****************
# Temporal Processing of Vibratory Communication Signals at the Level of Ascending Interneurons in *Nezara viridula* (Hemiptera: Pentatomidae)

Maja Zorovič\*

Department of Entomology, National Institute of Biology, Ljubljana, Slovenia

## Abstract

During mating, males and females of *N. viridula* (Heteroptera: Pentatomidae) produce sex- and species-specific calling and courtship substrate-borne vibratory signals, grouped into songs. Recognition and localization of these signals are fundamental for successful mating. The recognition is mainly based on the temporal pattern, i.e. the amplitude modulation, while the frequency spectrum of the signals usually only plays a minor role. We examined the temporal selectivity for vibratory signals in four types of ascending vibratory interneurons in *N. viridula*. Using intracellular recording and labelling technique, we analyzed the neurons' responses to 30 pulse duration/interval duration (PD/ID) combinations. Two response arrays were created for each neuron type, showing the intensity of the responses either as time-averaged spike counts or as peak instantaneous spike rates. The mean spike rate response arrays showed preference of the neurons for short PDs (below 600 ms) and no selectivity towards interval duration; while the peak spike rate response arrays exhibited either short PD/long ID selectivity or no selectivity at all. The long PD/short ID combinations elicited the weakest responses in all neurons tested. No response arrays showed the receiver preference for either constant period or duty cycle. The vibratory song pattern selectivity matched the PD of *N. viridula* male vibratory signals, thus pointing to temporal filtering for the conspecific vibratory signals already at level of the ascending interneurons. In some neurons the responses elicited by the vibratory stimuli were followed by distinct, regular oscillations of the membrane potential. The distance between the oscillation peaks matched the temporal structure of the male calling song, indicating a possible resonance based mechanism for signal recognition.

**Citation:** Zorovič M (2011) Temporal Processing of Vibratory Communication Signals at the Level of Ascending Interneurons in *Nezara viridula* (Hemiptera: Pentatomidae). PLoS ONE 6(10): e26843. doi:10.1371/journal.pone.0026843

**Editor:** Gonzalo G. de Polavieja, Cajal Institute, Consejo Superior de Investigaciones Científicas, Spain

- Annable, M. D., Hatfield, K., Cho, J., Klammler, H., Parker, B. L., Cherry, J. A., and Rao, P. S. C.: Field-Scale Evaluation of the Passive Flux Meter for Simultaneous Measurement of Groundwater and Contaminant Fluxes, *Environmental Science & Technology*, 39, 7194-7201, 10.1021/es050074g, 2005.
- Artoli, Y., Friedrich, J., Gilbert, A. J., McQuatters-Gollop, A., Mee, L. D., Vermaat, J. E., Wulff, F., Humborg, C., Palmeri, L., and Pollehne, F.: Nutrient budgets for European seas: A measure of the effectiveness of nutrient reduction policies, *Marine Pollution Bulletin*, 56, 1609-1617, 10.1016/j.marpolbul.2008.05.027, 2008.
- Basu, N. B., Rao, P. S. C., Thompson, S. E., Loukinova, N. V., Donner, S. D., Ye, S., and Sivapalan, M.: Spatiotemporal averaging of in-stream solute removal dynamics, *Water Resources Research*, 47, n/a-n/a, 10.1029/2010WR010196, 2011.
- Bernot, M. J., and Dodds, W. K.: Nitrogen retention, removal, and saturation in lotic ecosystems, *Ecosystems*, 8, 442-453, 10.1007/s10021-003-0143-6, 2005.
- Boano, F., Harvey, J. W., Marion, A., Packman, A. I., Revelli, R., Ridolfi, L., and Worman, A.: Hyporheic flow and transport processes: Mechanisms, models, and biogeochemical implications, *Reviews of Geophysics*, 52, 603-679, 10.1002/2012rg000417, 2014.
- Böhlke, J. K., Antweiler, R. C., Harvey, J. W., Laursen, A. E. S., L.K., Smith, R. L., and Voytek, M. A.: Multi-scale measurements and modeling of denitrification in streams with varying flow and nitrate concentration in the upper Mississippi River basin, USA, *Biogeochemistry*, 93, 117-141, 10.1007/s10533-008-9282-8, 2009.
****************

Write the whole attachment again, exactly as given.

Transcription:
# Temporal Processing of Vibratory Communication Signals at the Level of Ascending Interneurons in *Nezara viridula* (Hemiptera: Pentatomidae)

Maja Zorovič\*

Department of Entomology, National Institute of Biology, Ljubljana, Slovenia

## Abstract

During mating, males and females of *N. viridula* (Heteroptera: Pentatomidae) produce sex- and species-specific calling and courtship substrate-borne vibratory signals, grouped into songs. Recognition and localization of these signals are fundamental for successful mating. The recognition is mainly based on the temporal pattern, i.e. the amplitude modulation, while the frequency spectrum of the signals usually only plays a minor role. We examined the temporal selectivity for vibratory signals in four types of ascending vibratory interneurons in *N. viridula*. Using intracellular recording and labelling technique, we analyzed the neurons' responses to 30 pulse duration/interval duration (PD/ID) combinations. Two response arrays were created for each neuron type, showing the intensity of the responses either as time-averaged spike counts or as peak instantaneous spike rates. The mean spike rate response arrays showed preference of the neurons for short PDs (below 600 ms) and no selectivity towards interval duration; while the peak spike rate response arrays exhibited either short PD/long ID selectivity or no selectivity at all. The long PD/short ID combinations elicited the weakest responses in all neurons tested. No response arrays showed the receiver preference for either constant period or duty cycle. The vibratory song pattern selectivity matched the PD of *N. viridula* male vibratory signals, thus pointing to temporal filtering for the conspecific vibratory signals already at level of the ascending interneurons. In some neurons the responses elicited by the vibratory stimuli were followed by distinct, regular oscillations of the membrane potential. The distance between the oscillation peaks matched the temporal structure of the male calling song, indicating a possible resonance based mechanism for signal recognition.

**Citation:** Zorovič M (2011) Temporal Processing of Vibratory Communication Signals at the Level of Ascending Interneurons in *Nezara viridula* (Hemiptera: Pentatomidae). PLoS ONE 6(10): e26843. doi:10.1371/journal.pone.0026843

**Editor:** Gonzalo G. de Polavieja, Cajal Institute, Consejo Superior de Investigaciones Científicas, Spain

- Annable, M. D., Hatfield, K., Cho, J., Klammler, H., Parker, B. L., Cherry, J. A., and Rao, P. S. C.: Field-Scale Evaluation of the Passive Flux Meter for Simultaneous Measurement of Groundwater and Contaminant Fluxes, *Environmental Science & Technology*, 39, 7194-7201, 10.1021/es050074g, 2005.
- Artoli, Y., Friedrich, J., Gilbert, A. J., McQuatters-Gollop, A., Mee, L. D., Vermaat, J. E., Wulff, F., Humborg, C., Palmeri, L., and Pollehne, F.: Nutrient budgets for European seas: A measure of the effectiveness of nutrient reduction policies, *Marine Pollution Bulletin*, 56, 1609-1617, 10.1016/j.marpolbul.2008.05.027, 2008.
- Basu, N. B., Rao, P. S. C., Thompson, S. E., Loukinova, N. V., Donner, S. D., Ye, S., and Sivapalan, M.: Spatiotemporal averaging of in-stream solute removal dynamics, *Water Resources Research*, 47, n/a-n/a, 10.1029/2010WR010196, 2011.
- Bernot, M. J., and Dodds, W. K.: Nitrogen retention, removal, and saturation in lotic ecosystems, *Ecosystems*, 8, 442-453, 10.1007/s10021-003-0143-6, 2005.
- Boano, F., Harvey, J. W., Marion, A., Packman, A. I., Revelli, R., Ridolfi, L., and Worman, A.: Hyporheic flow and transport processes: Mechanisms, models, and biogeochemical implications, *Reviews of Geophysics*, 52, 603-679, 10.1002/2012rg000417, 2014.
- Böhlke, J. K., Antweiler, R. C., Harvey, J. W., Laursen, A. E. S., L.K., Smith, R. L., and Voytek, M. A.: Multi-scale measurements and modeling of denitrification in streams with varying flow and nitrate concentration in the upper Mississippi River basin, USA, *Biogeochemistry*, 93, 117-141, 10.1007/s10533-008-9282-8, 2009.